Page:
Graffiti Text Effect in Photoshop

Skill level

Graffiti text in Photoshop has been a pretty popular request over the years. Today, I finally get around to showing you guys how simple it is to create great graffiti in Photoshop!

Written tutorial

Our starting image is going to be a simple brick wall, which you can find anywhere, but if you’re looking for high quality images, Shutterstock has you covered.

Displacement Map

Before we start with our text, we’re first going to create a displacement map, which will come in handy later on. A displacement map, which is usually a high-contrast black and white version of your image, will help ‘form’ our eventual text to the bricks of this wall.

First, start by converting your image into black and white. This can quickly be done with the Command/Ctrl + U shortcut.

Once the saturation has been drained from your image, we’ll need to boost it’s contrast. There are several ways to achieve this, but I found that using Levels to boost the shadows and highlights will do the trick.

This will leave you with a high contrast black and white image, which will work great as a displacement map. At this point, you need to save this as a PSD file. VERY IMPORTANT that it’s saved as a PSD, otherwise you won’t be able to select it later on.

The Text

Now that the displacement map is out of the way, let’s move on to the text. To ensure that you don’t mess up the displacement map, open up your original [color] image again.

The Font

You’re free to use any font that you wish, but to get the ‘graffiti’ feel to your design, it’s recommended that you use a graffiti style font. Over at, there’s a great font called Zit Graffiti. The neat thing about this font, is that when you type in lowercase letters, the letters are filled in, and when you type in uppercase, you get just an outline. As I want my text filled in, I’ll type my name in lower case letters.

Usually, graffiti is not only one color. It contains gradients, shadows and borders. This is where the magic of Layer Styles comes into play! Using Layer Styles can help add all of these elements to a single text layer. The settings that I used can be found below, but feel free to experiment to get the result that you’re after.

Once your Layer Styles are in place, you should be left with something like this:


Now that the text is in place, and the colors are set, it’s time to make good of that displacement map we created earlier. The Displace filter can be found under the Filter > Distort menu, but before you add any filters, it’s always a good idea to convert your layer into a Smart Object. This will allow you to edit your text and color scheme at a later point if needed!

Once the layer has been converted, under the Filter > Distort menu, you’ll find the Displace option.

The Horizontal and Vertical Scale values will control how effective the displacement is. The higher the value, the more distortion is applied to the layer. As we’re not looking for anything drastic, 3 or 4 should work well. Once you press OK, you’ll want to locate the PSD file that you saved earlier.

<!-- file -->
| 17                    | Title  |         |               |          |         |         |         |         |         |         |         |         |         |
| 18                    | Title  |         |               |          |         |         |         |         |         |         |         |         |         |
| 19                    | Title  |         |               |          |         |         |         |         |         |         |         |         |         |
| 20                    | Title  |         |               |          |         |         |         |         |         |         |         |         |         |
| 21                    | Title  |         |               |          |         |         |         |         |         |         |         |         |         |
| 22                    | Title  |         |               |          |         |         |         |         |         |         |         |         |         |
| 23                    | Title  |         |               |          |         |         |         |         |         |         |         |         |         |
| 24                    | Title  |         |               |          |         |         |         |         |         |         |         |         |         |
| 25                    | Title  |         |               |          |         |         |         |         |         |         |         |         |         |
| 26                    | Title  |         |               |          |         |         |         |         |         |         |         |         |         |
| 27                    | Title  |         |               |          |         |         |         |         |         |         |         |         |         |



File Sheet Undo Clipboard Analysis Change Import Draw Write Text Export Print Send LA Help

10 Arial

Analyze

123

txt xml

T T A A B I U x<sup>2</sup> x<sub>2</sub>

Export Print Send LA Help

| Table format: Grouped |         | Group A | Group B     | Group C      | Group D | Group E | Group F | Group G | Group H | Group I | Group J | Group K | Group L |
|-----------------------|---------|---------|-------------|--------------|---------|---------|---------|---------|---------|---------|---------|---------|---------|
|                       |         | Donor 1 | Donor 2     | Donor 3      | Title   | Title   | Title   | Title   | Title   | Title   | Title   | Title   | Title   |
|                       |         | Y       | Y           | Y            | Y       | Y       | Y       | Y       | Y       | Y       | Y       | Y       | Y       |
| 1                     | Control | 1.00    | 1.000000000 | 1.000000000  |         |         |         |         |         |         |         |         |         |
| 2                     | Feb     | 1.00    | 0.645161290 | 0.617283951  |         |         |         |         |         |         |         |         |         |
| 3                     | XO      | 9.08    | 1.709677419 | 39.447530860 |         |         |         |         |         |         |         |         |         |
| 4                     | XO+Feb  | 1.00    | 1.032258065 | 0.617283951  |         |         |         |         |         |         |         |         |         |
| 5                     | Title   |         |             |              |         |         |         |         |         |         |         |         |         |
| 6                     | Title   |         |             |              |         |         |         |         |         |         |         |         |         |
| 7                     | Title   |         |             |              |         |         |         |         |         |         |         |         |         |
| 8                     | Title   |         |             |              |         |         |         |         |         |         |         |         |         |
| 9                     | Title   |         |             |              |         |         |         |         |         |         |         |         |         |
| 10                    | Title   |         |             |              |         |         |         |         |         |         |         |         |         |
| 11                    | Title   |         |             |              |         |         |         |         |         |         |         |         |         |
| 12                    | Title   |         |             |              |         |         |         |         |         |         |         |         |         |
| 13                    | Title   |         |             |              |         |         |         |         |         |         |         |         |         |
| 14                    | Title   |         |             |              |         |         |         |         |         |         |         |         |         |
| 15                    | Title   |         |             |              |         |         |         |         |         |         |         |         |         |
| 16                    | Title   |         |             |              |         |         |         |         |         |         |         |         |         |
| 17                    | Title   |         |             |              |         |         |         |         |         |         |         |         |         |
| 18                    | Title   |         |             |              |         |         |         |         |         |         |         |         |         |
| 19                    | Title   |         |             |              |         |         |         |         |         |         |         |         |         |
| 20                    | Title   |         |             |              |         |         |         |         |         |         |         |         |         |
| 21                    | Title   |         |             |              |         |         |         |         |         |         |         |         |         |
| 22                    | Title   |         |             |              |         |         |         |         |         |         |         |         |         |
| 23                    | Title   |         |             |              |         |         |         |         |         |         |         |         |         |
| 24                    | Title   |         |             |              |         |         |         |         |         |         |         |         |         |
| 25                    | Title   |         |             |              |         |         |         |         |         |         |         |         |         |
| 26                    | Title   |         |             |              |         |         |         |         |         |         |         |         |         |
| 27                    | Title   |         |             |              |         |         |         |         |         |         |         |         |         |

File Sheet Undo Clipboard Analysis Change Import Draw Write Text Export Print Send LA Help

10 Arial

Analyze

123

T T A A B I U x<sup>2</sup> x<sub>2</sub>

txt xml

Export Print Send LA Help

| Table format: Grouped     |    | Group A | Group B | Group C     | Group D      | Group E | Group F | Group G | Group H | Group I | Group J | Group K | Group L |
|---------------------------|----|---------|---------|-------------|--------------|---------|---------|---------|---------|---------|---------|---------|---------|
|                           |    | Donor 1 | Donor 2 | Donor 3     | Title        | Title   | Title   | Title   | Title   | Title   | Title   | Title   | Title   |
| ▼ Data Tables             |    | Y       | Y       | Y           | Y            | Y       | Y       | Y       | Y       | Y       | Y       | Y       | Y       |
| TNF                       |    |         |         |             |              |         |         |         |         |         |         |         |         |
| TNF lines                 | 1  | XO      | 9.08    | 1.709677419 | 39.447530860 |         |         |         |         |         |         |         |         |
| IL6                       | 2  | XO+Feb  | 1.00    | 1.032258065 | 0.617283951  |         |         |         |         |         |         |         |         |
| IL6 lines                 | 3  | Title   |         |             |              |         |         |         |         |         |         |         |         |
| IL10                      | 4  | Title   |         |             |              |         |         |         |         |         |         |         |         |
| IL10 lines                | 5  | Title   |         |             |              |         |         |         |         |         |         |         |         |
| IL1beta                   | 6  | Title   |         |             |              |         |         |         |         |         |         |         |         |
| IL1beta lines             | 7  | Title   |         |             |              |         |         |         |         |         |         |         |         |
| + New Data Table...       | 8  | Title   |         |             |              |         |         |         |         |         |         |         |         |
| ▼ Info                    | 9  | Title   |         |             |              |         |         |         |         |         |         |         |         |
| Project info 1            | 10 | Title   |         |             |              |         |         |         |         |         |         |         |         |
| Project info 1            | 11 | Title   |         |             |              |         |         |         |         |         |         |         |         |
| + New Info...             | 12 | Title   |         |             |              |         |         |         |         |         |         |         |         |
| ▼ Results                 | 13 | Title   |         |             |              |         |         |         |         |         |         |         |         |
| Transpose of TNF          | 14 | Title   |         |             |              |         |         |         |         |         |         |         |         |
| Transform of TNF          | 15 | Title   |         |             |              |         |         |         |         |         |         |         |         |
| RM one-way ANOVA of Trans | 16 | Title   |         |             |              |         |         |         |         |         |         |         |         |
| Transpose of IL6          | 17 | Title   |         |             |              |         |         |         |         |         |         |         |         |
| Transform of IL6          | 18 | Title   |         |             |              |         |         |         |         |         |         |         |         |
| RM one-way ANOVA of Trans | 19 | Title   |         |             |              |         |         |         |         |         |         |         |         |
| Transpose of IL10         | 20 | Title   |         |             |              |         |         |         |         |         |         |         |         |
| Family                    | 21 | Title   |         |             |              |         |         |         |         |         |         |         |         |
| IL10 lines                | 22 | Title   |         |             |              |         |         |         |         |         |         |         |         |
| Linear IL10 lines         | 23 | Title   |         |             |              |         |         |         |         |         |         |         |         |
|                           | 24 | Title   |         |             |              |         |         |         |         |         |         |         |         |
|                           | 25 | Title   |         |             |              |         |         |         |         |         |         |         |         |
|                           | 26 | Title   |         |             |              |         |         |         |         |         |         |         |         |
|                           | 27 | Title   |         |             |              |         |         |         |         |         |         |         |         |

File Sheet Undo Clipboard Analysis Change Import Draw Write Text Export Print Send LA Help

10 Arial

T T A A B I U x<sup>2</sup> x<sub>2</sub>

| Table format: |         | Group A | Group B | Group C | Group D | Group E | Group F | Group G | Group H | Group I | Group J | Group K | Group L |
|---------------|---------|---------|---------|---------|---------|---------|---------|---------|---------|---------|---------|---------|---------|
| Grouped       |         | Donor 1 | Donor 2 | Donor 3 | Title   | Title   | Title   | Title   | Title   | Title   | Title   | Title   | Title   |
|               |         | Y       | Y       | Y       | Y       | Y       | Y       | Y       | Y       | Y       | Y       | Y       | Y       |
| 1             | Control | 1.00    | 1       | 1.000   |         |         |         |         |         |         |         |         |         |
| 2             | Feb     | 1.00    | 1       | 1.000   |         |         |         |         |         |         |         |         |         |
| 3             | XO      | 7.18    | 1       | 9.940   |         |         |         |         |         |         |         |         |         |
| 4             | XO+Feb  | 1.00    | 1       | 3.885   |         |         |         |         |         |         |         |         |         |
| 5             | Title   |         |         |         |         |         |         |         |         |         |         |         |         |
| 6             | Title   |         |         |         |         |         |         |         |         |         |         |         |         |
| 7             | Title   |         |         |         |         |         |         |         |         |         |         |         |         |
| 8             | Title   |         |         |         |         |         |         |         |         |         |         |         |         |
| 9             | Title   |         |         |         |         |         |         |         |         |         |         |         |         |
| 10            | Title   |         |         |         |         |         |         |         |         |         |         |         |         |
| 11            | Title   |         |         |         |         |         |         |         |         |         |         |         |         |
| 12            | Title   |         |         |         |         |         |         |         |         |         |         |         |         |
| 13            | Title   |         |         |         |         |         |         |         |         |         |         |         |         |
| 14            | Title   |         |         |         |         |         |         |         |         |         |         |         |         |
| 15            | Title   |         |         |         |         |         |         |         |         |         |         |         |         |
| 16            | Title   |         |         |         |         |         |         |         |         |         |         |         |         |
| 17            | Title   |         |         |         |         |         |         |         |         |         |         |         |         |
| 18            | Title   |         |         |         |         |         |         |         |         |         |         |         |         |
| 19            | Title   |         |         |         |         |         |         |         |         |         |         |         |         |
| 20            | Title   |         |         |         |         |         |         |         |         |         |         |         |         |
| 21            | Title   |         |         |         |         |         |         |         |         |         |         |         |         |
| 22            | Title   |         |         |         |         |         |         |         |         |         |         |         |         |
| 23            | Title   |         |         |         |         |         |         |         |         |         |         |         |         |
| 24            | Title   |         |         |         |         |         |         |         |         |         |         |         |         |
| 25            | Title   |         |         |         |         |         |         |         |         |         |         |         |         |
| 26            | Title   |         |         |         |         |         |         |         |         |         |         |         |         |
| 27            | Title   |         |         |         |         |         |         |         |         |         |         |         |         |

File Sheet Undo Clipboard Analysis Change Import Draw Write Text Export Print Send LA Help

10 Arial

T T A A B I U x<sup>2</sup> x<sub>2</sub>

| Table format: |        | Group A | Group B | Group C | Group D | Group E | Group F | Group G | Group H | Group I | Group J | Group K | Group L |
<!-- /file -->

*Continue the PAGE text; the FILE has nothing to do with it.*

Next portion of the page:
When the file is selected and opened, you should see a result that similar to the one below. Photoshop used the black and whites of the displacement map to distort the layer, giving the impression that it’s ‘part of the wall’.

Blending In

Obviously, the text needs to be blended in with the wall. The displacement did a great job at pushing the text away from perfectly straight lines, but now it needs some blending. There are a few ways this can be done, including experimenting with the different Blend Modes, but I’d like to show you a slightly different way of blending; Blend If.

Blend If

To access the Blend If controls, hop into your Blending Options section within Layer Styles (Layer > Layer Styles > Blending Options).

The Blend If controls, highlighted above, contains two bars. One for the current layer, and one for the layer underneath. Both contain a shadows and highlights slider, which allows you to blend either of the two from the current layer, and/or the layer underneath. In this case, we want to blend the shadows and highlights from the brick wall (underlying layer) with the text.

On the Underlying Layer bar, pulling the shadows slider to the right, and the highlights slider to the left, will blend the current layer with the layer underneath, in this case, the brick wall.

Simply pulling on the sliders will typically give you a very harsh result. Of course, if this is what you’re looking for, than great! However, if you’re looking for a bit more of a blend, the sliders can actually be split. Holding your Alt/Option key will allow you to split each slider, resulting in a much cleaner blend.

The advantage to using Blend If versus Blend Modes, is that you will usually end up with more ‘true’ colors to what you started with. Changing Blend Modes tends to alter the color of your layers in order to blend them in. Of course, experiment to see which method you prefer.